It is well established in this jurisdiction that for there to be an effective labor or materialman’s lien relating back to the date the work was begun or the materials furnished, the claim of lien must be filed in the office of the Clerk of Superior Court of the county in which the land is located within six months from and after the date the work was completed or the materials furnished. •And the claim shall specify in detail the work done, the -materials furnished, and the time thereof, provided: if a special contract for such labor performed is made by the parties, or if such materials and labor are specified in writing, it shall be decided agreeably to the terms of the contract, provided the terms of the contract do not affect the lien for such labor performed or materials furnished. G.S. 44-38; G.S. 44-39; Lowery v. Haithcock, 239 N.C. 67, 79 S.E. 2d 204; Assurance Society v. Basnight, 234 N.C. 347, 67 S.E. 2d 390.
Whether the action was instituted within the time limit is not at issue, and plaintiff has alleged no facts tending to show a contract between it and the demurring defendants which would entitle it to a personal judgment against them. Rather, the decisive question relates to the sufficiency of the statement in the claim of lien of materials furnished. Its sufficiency is before us on defendants’ demurrers.
“. . . The office of a demurrer is to test the sufficiency of a pleading, admitting, for the purpose, the truth of factual averments well stated and such relevant inferences as may be deduced therefrom, but it does not admit any legal inferences or conclusions of law asserted by the pleader. We are required on a demurrer to construe the complaint liberally with a view to substantial justice between the parties, and every reasonable intendment is to be made in favor of the pleader. G.S. 1-151; Barber v. Wooten, 234 N.C. 107, 66 S.E. 2d 690; Cathey v. Construction Company, 218 N.C. 525, 11 S.E. 2d 571; Joyner *341 v. Woodard, 201 N.C. 315, 160 S.E. 288.” McKinney v. High Point, 237 N.C. 66, 74 S.E. 2d 440.
A defect in a lien cannot be cured by amendment after the filing period has expired, nor by alleging the necessary facts in the pleadings in an action to enforce the lien. Jefferson v. Bryant, 161 N.C. 404, 77 S.E. 341, and Cook v. Cobb, 101 N.C. 68, 7 S.E. 700.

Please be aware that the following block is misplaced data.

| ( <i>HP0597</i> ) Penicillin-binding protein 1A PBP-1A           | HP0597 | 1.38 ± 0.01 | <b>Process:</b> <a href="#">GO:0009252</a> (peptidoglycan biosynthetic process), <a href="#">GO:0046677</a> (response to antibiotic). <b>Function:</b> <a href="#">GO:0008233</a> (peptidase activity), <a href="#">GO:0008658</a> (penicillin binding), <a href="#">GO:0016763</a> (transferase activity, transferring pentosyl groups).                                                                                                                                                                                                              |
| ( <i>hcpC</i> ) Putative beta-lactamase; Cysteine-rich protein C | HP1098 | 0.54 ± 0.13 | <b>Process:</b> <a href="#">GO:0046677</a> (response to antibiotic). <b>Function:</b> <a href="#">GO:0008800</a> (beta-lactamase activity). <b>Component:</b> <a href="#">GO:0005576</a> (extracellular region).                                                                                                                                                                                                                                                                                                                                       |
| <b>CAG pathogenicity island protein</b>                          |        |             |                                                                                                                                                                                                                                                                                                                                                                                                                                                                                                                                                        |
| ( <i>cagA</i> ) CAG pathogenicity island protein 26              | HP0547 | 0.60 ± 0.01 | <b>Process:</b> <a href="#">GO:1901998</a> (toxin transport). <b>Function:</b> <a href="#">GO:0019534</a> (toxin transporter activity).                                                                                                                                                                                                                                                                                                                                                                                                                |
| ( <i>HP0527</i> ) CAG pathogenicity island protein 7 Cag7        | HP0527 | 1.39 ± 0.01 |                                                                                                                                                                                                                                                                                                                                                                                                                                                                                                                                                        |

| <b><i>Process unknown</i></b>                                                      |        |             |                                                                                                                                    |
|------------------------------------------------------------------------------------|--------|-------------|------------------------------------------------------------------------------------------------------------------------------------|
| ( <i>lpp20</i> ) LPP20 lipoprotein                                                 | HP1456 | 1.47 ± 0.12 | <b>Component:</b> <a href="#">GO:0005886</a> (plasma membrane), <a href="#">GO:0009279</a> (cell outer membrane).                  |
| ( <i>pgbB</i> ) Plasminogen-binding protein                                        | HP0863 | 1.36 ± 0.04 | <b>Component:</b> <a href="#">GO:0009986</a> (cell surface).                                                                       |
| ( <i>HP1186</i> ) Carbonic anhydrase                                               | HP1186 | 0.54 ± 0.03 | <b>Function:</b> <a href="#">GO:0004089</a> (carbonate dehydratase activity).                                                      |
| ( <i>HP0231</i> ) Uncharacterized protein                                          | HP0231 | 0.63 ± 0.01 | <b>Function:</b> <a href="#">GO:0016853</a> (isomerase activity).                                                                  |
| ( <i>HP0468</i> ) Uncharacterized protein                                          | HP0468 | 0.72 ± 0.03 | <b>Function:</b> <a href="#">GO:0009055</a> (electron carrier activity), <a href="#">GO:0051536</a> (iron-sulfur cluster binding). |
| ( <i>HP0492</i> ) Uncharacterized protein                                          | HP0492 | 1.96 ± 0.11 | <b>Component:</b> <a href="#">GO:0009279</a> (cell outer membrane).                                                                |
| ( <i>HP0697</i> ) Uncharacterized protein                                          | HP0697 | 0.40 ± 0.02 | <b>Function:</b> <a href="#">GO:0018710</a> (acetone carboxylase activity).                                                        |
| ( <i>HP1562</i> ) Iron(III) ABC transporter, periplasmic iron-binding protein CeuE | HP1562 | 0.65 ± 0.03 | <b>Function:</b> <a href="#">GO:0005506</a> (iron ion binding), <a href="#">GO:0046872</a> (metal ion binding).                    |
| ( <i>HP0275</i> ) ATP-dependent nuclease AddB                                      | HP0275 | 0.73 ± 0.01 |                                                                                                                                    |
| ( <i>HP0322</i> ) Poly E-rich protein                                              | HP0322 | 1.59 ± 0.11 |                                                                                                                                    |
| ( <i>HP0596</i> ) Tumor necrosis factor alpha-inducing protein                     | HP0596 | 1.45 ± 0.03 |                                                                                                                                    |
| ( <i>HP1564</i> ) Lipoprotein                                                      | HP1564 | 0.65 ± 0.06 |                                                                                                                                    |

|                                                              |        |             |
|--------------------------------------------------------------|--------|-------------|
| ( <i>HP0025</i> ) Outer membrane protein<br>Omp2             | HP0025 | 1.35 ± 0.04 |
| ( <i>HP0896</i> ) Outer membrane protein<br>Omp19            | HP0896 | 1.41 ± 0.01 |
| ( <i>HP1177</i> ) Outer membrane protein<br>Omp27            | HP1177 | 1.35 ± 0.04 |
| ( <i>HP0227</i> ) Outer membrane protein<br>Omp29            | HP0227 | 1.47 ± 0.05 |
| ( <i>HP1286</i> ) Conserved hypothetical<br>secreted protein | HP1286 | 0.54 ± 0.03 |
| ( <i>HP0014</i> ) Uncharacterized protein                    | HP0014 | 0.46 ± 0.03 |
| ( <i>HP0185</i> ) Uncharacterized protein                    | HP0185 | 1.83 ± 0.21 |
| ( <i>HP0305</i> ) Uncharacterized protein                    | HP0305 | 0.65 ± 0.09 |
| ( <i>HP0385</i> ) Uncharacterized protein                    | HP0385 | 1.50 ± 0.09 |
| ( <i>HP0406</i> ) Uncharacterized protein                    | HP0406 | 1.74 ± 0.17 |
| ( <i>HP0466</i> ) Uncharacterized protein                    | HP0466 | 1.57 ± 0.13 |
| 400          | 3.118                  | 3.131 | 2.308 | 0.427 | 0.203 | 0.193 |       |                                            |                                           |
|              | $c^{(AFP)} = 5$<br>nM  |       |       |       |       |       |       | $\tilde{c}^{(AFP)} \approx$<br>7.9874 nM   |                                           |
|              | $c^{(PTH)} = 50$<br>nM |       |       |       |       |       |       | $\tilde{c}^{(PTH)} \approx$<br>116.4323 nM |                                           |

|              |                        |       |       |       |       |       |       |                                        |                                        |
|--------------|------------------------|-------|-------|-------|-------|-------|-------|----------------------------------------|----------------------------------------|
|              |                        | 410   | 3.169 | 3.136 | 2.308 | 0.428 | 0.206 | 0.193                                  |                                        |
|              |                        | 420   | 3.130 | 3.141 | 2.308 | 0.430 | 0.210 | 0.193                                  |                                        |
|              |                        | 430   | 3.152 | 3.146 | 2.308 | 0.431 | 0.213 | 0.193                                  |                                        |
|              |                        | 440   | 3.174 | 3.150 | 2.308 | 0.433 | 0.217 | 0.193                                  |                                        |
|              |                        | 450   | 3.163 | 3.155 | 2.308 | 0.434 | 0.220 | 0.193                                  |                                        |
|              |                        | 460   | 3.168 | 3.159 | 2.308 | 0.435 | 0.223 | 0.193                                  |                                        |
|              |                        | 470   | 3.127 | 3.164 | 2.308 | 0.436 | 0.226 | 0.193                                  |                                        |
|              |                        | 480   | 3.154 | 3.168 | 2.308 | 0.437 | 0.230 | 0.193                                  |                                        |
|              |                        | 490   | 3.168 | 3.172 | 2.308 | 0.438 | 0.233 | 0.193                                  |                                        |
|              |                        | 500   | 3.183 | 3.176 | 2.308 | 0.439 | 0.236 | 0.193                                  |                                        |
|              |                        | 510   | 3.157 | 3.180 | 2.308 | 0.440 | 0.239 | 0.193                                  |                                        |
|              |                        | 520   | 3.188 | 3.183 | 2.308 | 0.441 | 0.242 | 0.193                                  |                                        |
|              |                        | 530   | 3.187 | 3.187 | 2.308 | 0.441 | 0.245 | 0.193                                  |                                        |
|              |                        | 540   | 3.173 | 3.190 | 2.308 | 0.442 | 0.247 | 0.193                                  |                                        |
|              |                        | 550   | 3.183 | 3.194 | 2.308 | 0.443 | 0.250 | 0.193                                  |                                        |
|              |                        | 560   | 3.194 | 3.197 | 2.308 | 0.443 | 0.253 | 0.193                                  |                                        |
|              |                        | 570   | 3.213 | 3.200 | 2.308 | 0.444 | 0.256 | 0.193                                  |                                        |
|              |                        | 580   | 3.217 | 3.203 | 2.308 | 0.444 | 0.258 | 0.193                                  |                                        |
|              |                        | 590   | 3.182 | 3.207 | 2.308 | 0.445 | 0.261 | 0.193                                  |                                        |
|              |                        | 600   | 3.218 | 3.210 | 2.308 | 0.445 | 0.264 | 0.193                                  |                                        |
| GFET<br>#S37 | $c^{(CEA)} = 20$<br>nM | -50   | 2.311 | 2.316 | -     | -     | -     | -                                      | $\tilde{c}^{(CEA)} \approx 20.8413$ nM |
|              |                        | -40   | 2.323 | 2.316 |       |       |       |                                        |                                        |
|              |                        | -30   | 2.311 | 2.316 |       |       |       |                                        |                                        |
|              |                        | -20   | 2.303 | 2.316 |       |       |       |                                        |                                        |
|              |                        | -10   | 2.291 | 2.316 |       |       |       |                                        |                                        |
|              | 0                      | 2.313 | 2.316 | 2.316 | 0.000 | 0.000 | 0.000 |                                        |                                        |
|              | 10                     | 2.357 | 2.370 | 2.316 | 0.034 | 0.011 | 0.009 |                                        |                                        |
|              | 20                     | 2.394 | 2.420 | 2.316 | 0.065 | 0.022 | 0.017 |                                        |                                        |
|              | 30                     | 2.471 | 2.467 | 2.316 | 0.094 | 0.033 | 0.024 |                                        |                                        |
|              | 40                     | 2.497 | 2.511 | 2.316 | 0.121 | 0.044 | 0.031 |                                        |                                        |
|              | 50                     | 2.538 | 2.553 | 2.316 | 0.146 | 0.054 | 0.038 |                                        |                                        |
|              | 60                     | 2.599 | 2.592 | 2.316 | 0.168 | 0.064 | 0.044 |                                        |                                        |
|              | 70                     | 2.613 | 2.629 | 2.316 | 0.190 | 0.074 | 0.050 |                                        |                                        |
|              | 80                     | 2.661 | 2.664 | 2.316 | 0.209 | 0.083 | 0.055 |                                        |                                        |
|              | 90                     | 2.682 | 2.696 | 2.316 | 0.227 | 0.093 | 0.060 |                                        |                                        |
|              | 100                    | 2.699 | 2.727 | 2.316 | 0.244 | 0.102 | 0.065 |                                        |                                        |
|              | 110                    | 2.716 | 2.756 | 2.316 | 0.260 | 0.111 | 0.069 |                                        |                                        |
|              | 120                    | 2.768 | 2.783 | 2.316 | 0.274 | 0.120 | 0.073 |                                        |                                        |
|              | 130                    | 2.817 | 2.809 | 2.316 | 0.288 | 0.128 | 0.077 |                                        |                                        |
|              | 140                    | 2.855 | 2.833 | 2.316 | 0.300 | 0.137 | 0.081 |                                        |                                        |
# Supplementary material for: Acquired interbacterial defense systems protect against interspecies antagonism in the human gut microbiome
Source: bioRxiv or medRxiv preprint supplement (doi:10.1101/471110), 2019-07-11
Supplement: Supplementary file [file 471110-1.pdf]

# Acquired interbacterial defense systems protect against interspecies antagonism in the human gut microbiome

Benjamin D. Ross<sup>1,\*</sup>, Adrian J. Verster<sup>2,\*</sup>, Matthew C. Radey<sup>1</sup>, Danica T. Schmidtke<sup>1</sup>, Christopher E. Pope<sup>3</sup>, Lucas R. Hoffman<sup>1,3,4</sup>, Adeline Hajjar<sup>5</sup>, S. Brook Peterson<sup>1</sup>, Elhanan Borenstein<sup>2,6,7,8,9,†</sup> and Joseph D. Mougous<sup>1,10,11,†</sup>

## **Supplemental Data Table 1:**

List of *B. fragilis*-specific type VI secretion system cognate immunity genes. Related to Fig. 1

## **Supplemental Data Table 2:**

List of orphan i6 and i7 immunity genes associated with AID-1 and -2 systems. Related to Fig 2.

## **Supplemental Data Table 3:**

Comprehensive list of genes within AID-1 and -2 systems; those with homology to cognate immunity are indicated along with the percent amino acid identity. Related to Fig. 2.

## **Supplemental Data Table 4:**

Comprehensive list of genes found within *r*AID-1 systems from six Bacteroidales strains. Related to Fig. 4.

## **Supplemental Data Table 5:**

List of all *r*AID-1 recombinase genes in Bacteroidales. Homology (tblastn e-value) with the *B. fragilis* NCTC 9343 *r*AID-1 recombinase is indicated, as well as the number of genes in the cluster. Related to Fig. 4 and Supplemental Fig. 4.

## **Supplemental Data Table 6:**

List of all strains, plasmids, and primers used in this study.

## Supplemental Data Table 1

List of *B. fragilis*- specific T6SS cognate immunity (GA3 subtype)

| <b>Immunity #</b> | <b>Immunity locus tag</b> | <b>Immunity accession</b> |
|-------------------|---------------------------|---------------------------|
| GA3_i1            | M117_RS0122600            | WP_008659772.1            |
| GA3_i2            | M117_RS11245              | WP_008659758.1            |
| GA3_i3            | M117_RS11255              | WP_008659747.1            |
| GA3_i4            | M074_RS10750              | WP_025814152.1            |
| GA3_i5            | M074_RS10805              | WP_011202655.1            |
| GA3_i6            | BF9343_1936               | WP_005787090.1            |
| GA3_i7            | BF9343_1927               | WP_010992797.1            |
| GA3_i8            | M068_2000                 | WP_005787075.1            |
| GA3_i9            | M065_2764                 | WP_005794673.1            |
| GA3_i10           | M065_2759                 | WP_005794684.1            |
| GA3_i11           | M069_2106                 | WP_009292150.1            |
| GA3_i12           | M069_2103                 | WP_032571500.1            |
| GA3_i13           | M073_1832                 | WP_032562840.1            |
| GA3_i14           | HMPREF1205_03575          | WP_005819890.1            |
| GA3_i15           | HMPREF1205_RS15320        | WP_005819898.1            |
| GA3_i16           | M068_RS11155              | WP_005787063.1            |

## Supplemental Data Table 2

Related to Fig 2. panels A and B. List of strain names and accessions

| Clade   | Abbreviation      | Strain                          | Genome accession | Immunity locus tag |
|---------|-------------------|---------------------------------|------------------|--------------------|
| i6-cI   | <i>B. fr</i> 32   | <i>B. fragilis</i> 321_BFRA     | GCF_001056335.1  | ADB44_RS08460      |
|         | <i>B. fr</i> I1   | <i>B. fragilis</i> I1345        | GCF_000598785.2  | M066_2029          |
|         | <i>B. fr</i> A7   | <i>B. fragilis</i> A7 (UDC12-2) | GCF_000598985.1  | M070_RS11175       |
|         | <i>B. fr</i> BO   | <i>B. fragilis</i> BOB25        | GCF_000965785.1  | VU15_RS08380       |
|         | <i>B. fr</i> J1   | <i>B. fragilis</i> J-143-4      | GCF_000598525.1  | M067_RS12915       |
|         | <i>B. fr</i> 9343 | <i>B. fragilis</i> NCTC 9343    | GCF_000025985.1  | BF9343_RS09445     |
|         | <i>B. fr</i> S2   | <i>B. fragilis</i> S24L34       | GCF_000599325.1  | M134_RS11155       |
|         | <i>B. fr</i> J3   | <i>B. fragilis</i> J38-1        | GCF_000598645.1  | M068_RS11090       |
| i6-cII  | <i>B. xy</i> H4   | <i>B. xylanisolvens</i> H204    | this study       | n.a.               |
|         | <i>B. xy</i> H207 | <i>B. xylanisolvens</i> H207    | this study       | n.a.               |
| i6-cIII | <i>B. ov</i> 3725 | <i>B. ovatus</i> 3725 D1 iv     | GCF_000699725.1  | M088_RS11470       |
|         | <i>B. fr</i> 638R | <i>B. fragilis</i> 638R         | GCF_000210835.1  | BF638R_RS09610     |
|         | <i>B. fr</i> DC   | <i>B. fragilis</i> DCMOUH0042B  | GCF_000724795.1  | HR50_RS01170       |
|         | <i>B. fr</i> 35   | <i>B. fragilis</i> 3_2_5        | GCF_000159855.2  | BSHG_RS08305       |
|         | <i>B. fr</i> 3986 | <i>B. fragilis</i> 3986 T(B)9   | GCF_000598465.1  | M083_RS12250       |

In determining the sufficiency of a claim of lien, this Court has made a distinction as to the particularity required in specifying the materials furnished, prices charged, and the time of furnishing where the claim is based on a divisible contract or open account, and where the materials or labor were contracted for as an entirety. The more particular statement is required in the case of a divisible contract or open account. However, where the contract is to complete a building for one sum, it is not required that the labor and materials furnished shall be itemized. Jefferson v. Bryant, supra. And where the plaintiff contracted to do certain work for the defendant for “a stated amount,” or to furnish materials for a “gross sum,” the contract is entire, and particular itemization of the claim of lien is not required, as is required for divisible contracts for materials or labor. King v. Elliott, 197 N.C. 93, 147 S.E. 701. However, where itemization is required, a listing of materials item by item or the labor hour by hour is not required, but there must be a substantial compliance with the statute, i. e., a statement in sufficient detail to put interested parties, or parties who may become interested, on notice as to labor performed or materials furnished, the time when the labor was performed and the materials furnished, the amount due therefor, and the property on which it was employed. Lowery v. Haithcock, supra; King v. Elliott, supra; Cameron v. Lumber Co., 118 N.C. 266, 24 S.E. 7; Cook v. Cobb, supra.
The claim of lien is the foundation of the action to enforce the lien, and if such lien is defective when filed, it is no lien. Jefferson v. Bryant, supra. Thus, the answer to the question presented by this appeal must be found in the claim of lien and the exhibits made a part thereof.